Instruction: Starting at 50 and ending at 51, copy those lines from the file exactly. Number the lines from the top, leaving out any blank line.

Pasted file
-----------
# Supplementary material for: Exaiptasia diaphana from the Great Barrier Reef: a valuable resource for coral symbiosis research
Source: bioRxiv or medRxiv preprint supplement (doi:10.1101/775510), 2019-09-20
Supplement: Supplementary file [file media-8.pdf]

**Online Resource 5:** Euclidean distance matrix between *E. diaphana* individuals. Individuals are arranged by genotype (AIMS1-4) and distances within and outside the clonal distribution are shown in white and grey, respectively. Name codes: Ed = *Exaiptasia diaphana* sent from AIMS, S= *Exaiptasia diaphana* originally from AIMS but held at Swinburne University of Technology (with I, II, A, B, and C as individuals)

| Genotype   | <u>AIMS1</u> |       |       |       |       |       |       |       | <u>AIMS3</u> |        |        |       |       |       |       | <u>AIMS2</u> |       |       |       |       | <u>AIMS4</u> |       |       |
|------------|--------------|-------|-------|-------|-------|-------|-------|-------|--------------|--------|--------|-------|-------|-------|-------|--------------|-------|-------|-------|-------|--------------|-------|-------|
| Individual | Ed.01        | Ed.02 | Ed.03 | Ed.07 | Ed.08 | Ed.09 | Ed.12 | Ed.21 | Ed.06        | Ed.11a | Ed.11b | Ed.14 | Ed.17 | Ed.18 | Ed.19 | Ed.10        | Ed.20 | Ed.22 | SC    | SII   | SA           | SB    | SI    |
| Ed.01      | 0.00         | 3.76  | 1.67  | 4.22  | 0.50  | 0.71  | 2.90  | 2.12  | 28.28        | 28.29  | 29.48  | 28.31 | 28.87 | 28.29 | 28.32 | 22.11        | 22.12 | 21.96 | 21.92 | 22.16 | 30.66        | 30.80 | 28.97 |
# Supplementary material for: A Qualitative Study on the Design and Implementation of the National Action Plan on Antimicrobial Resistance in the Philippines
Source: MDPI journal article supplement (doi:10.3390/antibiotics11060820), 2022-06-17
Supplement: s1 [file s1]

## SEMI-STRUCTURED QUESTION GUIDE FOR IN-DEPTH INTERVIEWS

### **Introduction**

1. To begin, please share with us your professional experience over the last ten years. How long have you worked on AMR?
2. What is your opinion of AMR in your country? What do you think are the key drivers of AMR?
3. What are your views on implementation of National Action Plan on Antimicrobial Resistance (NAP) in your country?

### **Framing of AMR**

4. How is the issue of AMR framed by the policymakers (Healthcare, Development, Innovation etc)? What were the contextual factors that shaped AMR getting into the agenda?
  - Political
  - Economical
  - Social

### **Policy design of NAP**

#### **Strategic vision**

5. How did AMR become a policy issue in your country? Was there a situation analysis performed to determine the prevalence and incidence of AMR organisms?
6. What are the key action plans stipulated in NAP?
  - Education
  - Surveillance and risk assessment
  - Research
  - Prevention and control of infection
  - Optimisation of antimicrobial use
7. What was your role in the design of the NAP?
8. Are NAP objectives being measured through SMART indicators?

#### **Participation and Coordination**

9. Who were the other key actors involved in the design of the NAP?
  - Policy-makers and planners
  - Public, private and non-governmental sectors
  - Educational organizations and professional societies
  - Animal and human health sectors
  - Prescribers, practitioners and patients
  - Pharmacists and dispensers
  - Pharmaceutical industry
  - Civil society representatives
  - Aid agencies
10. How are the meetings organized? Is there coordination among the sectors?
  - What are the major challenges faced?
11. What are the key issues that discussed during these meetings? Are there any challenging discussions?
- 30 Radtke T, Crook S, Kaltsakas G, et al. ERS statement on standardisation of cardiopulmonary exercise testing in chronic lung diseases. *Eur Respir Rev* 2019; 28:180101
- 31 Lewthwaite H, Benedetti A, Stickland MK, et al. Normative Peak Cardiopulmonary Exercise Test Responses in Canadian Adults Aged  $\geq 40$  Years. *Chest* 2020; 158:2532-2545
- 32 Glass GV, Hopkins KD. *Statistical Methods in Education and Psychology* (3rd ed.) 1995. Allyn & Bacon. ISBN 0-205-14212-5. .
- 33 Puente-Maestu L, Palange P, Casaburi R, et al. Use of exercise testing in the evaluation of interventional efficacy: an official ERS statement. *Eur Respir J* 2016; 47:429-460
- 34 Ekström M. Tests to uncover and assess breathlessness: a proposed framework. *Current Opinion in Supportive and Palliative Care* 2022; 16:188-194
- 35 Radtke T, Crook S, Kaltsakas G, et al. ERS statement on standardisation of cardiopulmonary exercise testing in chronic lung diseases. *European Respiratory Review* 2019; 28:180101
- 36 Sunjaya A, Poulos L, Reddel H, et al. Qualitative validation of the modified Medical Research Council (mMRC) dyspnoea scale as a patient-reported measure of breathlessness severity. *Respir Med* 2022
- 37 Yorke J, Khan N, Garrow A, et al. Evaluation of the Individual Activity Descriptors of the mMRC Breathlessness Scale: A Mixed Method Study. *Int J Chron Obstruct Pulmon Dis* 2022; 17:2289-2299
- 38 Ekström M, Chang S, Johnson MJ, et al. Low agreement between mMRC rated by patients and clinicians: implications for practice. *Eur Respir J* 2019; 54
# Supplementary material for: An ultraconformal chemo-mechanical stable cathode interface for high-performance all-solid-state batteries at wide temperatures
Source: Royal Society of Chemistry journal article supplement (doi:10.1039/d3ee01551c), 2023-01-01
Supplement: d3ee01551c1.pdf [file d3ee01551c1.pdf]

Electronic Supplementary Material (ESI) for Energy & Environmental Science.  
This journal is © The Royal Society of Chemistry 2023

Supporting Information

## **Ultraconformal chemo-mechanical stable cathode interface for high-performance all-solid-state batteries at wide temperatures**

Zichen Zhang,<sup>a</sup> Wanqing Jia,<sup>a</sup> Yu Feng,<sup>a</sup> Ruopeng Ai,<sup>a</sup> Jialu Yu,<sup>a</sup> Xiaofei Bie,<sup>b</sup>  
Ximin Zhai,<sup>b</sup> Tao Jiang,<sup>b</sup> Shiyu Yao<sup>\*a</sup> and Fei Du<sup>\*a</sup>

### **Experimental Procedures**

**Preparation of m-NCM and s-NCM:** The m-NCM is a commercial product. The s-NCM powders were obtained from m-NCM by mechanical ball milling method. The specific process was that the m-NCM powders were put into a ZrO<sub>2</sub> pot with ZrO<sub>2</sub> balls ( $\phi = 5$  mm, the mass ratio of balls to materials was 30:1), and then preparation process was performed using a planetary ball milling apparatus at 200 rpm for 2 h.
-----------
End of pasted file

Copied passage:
- 33 Puente-Maestu L, Palange P, Casaburi R, et al. Use of exercise testing in the evaluation of interventional efficacy: an official ERS statement. *Eur Respir J* 2016; 47:429-460
- 34 Ekström M. Tests to uncover and assess breathlessness: a proposed framework. *Current Opinion in Supportive and Palliative Care* 2022; 16:188-194